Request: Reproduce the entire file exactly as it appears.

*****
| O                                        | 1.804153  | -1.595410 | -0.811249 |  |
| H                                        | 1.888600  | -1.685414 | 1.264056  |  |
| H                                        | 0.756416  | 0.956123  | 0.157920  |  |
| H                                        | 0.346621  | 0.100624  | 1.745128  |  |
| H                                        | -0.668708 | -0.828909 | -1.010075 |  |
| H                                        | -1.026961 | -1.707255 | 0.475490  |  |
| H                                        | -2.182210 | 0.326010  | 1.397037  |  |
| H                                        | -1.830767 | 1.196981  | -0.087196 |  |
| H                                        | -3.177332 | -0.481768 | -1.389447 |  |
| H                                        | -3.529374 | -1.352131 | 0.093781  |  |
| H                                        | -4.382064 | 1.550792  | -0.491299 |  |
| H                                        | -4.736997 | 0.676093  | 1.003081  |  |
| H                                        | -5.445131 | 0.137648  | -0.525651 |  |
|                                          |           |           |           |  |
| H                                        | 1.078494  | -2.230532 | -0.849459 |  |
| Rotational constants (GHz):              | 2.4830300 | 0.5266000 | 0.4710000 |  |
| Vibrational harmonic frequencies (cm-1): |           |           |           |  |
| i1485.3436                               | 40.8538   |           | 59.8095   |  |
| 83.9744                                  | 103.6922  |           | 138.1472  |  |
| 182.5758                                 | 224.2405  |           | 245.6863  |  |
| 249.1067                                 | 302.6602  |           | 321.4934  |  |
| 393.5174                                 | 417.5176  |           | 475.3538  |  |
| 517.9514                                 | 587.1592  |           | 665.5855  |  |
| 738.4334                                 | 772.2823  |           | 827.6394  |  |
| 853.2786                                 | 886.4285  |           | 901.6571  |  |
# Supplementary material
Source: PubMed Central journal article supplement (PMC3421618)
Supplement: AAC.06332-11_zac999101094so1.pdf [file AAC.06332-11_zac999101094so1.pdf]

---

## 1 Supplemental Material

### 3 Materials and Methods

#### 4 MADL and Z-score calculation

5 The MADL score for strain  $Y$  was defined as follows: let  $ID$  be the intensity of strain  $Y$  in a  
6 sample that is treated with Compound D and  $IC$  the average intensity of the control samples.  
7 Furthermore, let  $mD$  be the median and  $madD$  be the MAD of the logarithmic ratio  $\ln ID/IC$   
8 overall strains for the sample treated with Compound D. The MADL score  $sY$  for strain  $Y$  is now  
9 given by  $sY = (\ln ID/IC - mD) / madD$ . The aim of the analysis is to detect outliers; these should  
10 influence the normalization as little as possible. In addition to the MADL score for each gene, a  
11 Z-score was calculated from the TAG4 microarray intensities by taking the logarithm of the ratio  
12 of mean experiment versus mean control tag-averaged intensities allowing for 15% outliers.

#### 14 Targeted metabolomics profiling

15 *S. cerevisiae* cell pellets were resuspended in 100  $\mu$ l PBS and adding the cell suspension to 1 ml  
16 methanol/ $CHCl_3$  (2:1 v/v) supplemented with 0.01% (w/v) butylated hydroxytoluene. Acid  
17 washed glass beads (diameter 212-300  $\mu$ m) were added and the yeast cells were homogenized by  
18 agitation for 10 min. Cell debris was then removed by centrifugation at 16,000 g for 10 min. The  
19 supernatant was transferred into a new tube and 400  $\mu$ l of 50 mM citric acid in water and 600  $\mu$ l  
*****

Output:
| O                                        | 1.804153  | -1.595410 | -0.811249 |  |
| H                                        | 1.888600  | -1.685414 | 1.264056  |  |
| H                                        | 0.756416  | 0.956123  | 0.157920  |  |
| H                                        | 0.346621  | 0.100624  | 1.745128  |  |
| H                                        | -0.668708 | -0.828909 | -1.010075 |  |
| H                                        | -1.026961 | -1.707255 | 0.475490  |  |
| H                                        | -2.182210 | 0.326010  | 1.397037  |  |
| H                                        | -1.830767 | 1.196981  | -0.087196 |  |
| H                                        | -3.177332 | -0.481768 | -1.389447 |  |
| H                                        | -3.529374 | -1.352131 | 0.093781  |  |
| H                                        | -4.382064 | 1.550792  | -0.491299 |  |
| H                                        | -4.736997 | 0.676093  | 1.003081  |  |
| H                                        | -5.445131 | 0.137648  | -0.525651 |  |
|                                          |           |           |           |  |
| H                                        | 1.078494  | -2.230532 | -0.849459 |  |
| Rotational constants (GHz):              | 2.4830300 | 0.5266000 | 0.4710000 |  |
| Vibrational harmonic frequencies (cm-1): |           |           |           |  |
| i1485.3436                               | 40.8538   |           | 59.8095   |  |
| 83.9744                                  | 103.6922  |           | 138.1472  |  |
| 182.5758                                 | 224.2405  |           | 245.6863  |  |
| 249.1067                                 | 302.6602  |           | 321.4934  |  |
| 393.5174                                 | 417.5176  |           | 475.3538  |  |
| 517.9514                                 | 587.1592  |           | 665.5855  |  |
| 738.4334                                 | 772.2823  |           | 827.6394  |  |
| 853.2786                                 | 886.4285  |           | 901.6571  |  |
# Supplementary material
Source: PubMed Central journal article supplement (PMC3421618)
Supplement: AAC.06332-11_zac999101094so1.pdf [file AAC.06332-11_zac999101094so1.pdf]

---

## 1 Supplemental Material

### 3 Materials and Methods

#### 4 MADL and Z-score calculation

5 The MADL score for strain  $Y$  was defined as follows: let  $ID$  be the intensity of strain  $Y$  in a  
6 sample that is treated with Compound D and  $IC$  the average intensity of the control samples.  
7 Furthermore, let  $mD$  be the median and  $madD$  be the MAD of the logarithmic ratio  $\ln ID/IC$   
8 overall strains for the sample treated with Compound D. The MADL score  $sY$  for strain  $Y$  is now  
9 given by  $sY = (\ln ID/IC - mD) / madD$ . The aim of the analysis is to detect outliers; these should  
10 influence the normalization as little as possible. In addition to the MADL score for each gene, a  
11 Z-score was calculated from the TAG4 microarray intensities by taking the logarithm of the ratio  
12 of mean experiment versus mean control tag-averaged intensities allowing for 15% outliers.

#### 14 Targeted metabolomics profiling

15 *S. cerevisiae* cell pellets were resuspended in 100  $\mu$ l PBS and adding the cell suspension to 1 ml  
16 methanol/ $CHCl_3$  (2:1 v/v) supplemented with 0.01% (w/v) butylated hydroxytoluene. Acid  
17 washed glass beads (diameter 212-300  $\mu$ m) were added and the yeast cells were homogenized by  
18 agitation for 10 min. Cell debris was then removed by centrifugation at 16,000 g for 10 min. The  
19 supernatant was transferred into a new tube and 400  $\mu$ l of 50 mM citric acid in water and 600  $\mu$ l  